• #16
Vanadium 50 said:
FWIW, the vast majority of emails I have received from prospective students has pretty clearly been blasted to everyone with a pulse. Nobody seems to know exactly what I do and some can't even spell my name right.

Of course. I recommend students spend several hours doing background work on each professor they email to make sure a 2-3 paragraph email is well tailored for the recipient. Before they compose the email, they should have been able to figure out which projects the professor has published in over the past few years, and which are likely to be supporting future graduate students. From this, they determine if there is an overlap of interests and skills.

Vanadium 50 said:
But more to the point, is a professor not on the grad admit committee has very little pull with it, at least in the positive direction. A professor can say "if you admit this student, I will support her for her entire time here" and that will usually do it. But a professor being in a position to say that is rare, and being willing to actually do it for an unknown is even rarer.

I don't expect professors to offer support for "unknowns" but a lot of first year grad students that I've mentored begin with research assistantships with specific profs rather than TAs. Presumably, professors are able to review the full application including recommendation letters before offering RAs. Now maybe, profs looking for talent go through the whole stack of applications. But I suspect, most often well-qualified candidates come to their specific attention through other means.

Vanadium 50 said:
"Get admitted, and we can talk about research once you get here" is entirely reasonable.

Of course, it is entirely reasonable. But even such a reply is valuable to a student. It tells them that they are not a strong enough RA candidate or applicant at that school that admission or RA support is a foregone conclusion. It tells them that they are not such a strong RA candidate that the prof wants to be at the front of the line. The prof is not really concerned that a colleague will get there first. But the fact that the prof replied at all tells them that admission is a reasonable possibility.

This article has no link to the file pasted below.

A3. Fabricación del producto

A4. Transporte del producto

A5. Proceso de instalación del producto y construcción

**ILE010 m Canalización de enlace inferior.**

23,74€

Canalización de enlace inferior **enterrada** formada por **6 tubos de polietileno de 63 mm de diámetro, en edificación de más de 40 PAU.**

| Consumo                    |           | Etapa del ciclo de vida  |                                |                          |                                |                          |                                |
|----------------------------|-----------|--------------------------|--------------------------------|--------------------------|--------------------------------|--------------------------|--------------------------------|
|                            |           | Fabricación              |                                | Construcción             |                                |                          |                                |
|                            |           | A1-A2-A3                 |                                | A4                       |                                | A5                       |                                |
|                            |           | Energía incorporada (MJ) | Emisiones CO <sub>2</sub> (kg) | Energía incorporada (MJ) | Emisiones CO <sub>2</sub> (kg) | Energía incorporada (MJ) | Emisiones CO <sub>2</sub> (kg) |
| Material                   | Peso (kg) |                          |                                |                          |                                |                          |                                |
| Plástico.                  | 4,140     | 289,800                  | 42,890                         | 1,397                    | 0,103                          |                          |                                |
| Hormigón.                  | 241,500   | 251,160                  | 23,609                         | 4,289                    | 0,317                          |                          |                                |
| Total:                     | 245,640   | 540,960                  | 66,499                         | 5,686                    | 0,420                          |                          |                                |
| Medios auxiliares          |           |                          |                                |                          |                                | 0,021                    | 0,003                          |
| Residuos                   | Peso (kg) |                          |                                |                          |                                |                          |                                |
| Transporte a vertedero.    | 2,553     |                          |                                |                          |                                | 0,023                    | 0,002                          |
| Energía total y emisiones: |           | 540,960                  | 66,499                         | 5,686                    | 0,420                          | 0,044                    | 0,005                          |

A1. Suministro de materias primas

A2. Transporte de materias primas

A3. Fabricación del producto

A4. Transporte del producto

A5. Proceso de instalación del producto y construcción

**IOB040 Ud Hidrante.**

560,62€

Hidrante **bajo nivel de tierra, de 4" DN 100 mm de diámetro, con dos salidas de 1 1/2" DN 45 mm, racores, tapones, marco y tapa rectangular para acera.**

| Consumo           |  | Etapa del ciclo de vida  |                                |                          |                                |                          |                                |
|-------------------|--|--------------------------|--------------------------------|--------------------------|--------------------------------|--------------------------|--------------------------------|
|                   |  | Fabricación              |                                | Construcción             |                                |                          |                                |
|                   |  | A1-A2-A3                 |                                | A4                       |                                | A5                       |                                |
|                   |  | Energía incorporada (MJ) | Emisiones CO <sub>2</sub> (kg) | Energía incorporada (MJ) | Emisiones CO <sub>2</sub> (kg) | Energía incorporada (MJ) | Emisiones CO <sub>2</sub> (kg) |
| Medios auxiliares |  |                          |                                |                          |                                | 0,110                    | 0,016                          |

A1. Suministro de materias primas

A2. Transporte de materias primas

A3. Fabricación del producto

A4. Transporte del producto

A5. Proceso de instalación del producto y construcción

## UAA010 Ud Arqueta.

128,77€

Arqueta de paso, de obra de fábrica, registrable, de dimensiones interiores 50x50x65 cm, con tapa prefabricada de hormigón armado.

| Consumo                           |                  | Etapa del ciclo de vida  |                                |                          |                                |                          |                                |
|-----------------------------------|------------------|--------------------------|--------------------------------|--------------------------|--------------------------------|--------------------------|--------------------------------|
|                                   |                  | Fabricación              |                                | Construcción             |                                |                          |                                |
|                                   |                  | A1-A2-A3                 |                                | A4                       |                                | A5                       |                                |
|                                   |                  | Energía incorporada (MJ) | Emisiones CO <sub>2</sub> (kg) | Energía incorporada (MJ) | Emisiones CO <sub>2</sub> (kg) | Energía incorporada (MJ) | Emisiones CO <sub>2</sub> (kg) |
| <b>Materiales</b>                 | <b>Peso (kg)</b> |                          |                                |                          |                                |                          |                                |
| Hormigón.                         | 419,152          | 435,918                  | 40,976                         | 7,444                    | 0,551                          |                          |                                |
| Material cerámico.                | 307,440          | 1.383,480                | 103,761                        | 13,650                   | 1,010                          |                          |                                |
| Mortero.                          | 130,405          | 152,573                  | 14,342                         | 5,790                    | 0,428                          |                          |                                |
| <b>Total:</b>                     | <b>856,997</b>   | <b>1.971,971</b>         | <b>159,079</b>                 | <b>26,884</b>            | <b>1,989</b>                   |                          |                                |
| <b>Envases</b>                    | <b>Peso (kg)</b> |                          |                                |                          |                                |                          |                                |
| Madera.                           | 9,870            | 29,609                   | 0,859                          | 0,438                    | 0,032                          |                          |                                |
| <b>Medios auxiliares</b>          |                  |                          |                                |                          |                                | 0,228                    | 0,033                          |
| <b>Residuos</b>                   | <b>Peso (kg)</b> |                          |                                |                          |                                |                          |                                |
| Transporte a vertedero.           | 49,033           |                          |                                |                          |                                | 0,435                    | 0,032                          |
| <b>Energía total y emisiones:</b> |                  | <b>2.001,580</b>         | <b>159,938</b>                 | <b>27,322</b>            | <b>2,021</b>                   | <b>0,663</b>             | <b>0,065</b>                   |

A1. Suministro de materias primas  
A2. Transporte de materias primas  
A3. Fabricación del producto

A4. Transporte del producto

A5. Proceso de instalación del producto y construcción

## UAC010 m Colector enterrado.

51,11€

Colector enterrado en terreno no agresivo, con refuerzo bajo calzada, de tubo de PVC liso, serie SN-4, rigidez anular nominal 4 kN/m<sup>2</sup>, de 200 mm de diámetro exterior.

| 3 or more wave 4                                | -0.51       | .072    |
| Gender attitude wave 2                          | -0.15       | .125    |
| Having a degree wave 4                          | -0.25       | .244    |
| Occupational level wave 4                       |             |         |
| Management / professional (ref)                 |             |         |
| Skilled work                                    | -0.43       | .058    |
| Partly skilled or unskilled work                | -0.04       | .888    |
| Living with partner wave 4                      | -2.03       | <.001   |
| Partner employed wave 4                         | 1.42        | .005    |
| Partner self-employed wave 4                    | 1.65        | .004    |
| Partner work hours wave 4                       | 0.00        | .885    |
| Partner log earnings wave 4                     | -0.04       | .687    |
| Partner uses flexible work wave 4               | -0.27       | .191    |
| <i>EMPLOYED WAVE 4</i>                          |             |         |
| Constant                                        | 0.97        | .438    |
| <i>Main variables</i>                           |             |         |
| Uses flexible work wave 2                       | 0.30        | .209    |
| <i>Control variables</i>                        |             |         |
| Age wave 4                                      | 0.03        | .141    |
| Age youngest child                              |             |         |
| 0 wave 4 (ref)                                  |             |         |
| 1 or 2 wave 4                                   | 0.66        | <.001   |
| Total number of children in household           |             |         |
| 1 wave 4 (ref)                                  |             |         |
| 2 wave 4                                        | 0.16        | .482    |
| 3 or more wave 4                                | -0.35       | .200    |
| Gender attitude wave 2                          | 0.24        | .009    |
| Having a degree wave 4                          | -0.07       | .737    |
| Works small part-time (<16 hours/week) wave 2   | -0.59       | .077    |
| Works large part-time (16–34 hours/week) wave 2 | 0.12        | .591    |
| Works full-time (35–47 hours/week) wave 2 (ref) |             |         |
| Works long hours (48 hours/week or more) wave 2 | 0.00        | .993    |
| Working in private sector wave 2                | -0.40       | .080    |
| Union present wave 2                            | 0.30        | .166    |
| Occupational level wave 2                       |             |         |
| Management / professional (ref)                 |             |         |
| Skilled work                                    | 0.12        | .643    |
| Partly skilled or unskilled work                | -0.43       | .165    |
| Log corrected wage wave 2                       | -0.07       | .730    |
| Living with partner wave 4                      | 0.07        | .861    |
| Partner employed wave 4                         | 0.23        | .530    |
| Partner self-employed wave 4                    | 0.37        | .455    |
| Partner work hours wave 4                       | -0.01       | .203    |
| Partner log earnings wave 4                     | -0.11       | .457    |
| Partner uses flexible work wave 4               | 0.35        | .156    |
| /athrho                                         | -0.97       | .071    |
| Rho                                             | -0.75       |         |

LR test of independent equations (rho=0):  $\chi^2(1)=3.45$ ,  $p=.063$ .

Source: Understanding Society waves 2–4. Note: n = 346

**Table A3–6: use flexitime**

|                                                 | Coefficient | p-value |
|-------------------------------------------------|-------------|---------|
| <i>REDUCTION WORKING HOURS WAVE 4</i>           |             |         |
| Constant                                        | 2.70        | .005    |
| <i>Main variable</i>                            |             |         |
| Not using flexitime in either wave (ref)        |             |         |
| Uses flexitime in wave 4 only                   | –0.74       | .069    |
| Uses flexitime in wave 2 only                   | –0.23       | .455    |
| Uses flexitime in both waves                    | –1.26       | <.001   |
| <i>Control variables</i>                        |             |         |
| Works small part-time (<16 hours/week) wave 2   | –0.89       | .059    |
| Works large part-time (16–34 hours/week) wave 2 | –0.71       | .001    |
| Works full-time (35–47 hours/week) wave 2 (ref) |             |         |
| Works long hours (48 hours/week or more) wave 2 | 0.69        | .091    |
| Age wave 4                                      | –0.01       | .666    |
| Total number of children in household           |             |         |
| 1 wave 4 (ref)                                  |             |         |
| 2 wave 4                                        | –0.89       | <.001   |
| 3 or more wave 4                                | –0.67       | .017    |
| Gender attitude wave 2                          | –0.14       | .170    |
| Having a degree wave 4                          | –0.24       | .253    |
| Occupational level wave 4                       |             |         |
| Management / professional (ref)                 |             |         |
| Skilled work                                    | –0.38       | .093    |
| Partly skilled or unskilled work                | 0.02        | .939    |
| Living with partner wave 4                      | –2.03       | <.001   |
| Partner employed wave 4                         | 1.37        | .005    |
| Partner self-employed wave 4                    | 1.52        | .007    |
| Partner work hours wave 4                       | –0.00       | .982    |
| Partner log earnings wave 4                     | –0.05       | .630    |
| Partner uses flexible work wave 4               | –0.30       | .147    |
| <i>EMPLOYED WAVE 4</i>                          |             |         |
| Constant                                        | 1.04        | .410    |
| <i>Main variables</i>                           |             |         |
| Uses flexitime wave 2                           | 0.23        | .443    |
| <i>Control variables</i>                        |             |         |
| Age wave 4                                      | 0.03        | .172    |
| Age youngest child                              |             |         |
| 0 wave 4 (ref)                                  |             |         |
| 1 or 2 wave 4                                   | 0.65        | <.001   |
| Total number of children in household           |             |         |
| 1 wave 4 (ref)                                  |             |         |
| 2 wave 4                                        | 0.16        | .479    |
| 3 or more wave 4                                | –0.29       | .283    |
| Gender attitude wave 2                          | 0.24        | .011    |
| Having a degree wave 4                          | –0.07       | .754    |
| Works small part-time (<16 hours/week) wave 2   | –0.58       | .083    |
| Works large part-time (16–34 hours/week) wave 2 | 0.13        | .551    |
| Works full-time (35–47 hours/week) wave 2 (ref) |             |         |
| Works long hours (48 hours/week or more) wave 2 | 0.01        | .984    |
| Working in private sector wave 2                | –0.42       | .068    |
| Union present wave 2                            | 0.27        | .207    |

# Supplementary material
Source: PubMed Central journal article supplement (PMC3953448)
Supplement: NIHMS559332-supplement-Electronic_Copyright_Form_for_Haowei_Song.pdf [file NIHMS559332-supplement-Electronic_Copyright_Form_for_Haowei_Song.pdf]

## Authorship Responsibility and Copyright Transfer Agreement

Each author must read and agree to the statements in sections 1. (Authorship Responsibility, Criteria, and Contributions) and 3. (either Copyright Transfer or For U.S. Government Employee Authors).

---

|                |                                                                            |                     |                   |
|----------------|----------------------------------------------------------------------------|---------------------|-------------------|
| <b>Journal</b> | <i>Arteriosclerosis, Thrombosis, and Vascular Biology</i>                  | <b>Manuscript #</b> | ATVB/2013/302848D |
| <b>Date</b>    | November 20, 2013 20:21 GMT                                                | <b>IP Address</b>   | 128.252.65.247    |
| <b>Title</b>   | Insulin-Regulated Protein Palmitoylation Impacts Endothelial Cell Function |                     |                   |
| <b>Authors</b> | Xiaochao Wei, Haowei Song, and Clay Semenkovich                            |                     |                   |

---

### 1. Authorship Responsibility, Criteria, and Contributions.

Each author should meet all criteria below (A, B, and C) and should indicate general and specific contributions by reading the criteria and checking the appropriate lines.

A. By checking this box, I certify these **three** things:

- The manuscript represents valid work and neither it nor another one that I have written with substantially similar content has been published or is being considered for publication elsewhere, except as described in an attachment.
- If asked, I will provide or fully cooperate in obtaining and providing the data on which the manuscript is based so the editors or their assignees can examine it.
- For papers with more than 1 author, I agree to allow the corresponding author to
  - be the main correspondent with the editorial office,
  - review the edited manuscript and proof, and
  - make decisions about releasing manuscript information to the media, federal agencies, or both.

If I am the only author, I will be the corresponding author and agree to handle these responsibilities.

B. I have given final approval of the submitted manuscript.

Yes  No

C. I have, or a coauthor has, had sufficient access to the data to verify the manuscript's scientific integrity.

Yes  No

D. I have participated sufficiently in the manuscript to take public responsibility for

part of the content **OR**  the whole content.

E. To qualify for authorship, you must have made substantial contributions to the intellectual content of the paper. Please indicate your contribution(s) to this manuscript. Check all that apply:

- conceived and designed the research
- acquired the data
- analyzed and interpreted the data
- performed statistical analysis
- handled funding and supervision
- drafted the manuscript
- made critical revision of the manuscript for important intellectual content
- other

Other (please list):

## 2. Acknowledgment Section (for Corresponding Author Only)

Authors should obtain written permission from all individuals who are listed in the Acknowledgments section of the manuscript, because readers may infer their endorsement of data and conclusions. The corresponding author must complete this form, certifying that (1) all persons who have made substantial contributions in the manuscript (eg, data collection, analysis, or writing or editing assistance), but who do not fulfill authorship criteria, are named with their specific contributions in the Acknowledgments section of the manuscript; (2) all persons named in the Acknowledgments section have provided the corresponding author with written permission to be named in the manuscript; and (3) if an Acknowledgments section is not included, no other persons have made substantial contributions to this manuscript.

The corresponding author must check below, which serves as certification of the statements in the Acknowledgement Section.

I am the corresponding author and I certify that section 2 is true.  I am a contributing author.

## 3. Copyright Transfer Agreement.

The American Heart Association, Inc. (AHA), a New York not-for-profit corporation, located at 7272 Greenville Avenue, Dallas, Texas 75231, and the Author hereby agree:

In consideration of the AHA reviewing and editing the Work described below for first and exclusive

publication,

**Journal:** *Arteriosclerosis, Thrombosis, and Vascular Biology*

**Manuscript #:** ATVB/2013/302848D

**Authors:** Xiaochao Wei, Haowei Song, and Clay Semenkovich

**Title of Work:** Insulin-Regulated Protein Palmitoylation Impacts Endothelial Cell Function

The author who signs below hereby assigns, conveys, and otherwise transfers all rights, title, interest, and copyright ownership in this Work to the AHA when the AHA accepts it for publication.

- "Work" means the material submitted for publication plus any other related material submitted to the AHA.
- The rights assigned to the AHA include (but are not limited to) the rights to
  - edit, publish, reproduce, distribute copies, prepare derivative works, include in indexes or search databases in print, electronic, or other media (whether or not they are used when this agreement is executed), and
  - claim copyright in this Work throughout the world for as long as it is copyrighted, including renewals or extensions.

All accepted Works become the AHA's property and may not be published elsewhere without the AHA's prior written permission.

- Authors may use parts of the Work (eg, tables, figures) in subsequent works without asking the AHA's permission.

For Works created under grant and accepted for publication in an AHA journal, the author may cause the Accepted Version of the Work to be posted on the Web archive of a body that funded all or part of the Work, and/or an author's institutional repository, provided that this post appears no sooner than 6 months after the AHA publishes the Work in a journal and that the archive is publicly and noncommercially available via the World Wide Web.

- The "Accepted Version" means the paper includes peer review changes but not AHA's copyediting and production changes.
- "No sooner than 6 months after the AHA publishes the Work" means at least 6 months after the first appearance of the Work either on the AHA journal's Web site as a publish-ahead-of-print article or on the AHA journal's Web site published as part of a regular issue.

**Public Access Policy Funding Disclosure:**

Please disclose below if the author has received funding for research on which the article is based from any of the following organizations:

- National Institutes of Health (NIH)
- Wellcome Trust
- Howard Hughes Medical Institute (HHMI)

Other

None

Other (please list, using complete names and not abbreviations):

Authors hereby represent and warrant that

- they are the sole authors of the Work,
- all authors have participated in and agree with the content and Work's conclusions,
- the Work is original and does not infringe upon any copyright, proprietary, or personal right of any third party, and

If a student gets no responses from half a dozen well-researched, carefully crafted emails to potential research supervisors, it suggests that student is unlikely to be admitted to a given school. If that is repeated across several schools in a given tier, the student is likely aiming too high.
 
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Related to How to make the most of a gap year during the Covid-19 era?

1. How can I make the most of my gap year during the Covid-19 era?

There are several ways to make the most of your gap year during the Covid-19 era. One option is to take online courses or participate in virtual internships to gain new skills and knowledge. You can also use this time to explore your interests and passions, such as learning a new language or picking up a new hobby. Additionally, you can use this time to travel locally and explore your own country.

2. Is it safe to travel during the Covid-19 era?

It is important to follow the guidelines and restrictions set by your local government and health authorities when considering travel during the Covid-19 era. It is also recommended to research the safety protocols and precautions in place at your desired destination before making any travel plans.

3. How can I gain valuable experience during my gap year if I am unable to travel?

If traveling is not an option during your gap year, there are still plenty of ways to gain valuable experience. You can volunteer remotely for organizations or causes that align with your interests, or take on a part-time job or internship in your local area. You can also use this time to network and connect with professionals in your desired field.

4. Can I still apply to college or university during my gap year?

Yes, you can still apply to college or university during your gap year. In fact, taking a gap year can often strengthen your application as it shows maturity, independence, and a desire to learn and grow. Be sure to communicate your gap year plans and experiences in your application to showcase how it has positively impacted your personal and academic growth.

5. How can I stay motivated and productive during my gap year?

It can be challenging to stay motivated and productive during a gap year, especially during the Covid-19 era. One way to stay motivated is to set goals for yourself and create a schedule or routine to help you stay on track. It can also be helpful to connect with others who are also taking a gap year and support each other in your personal and academic goals.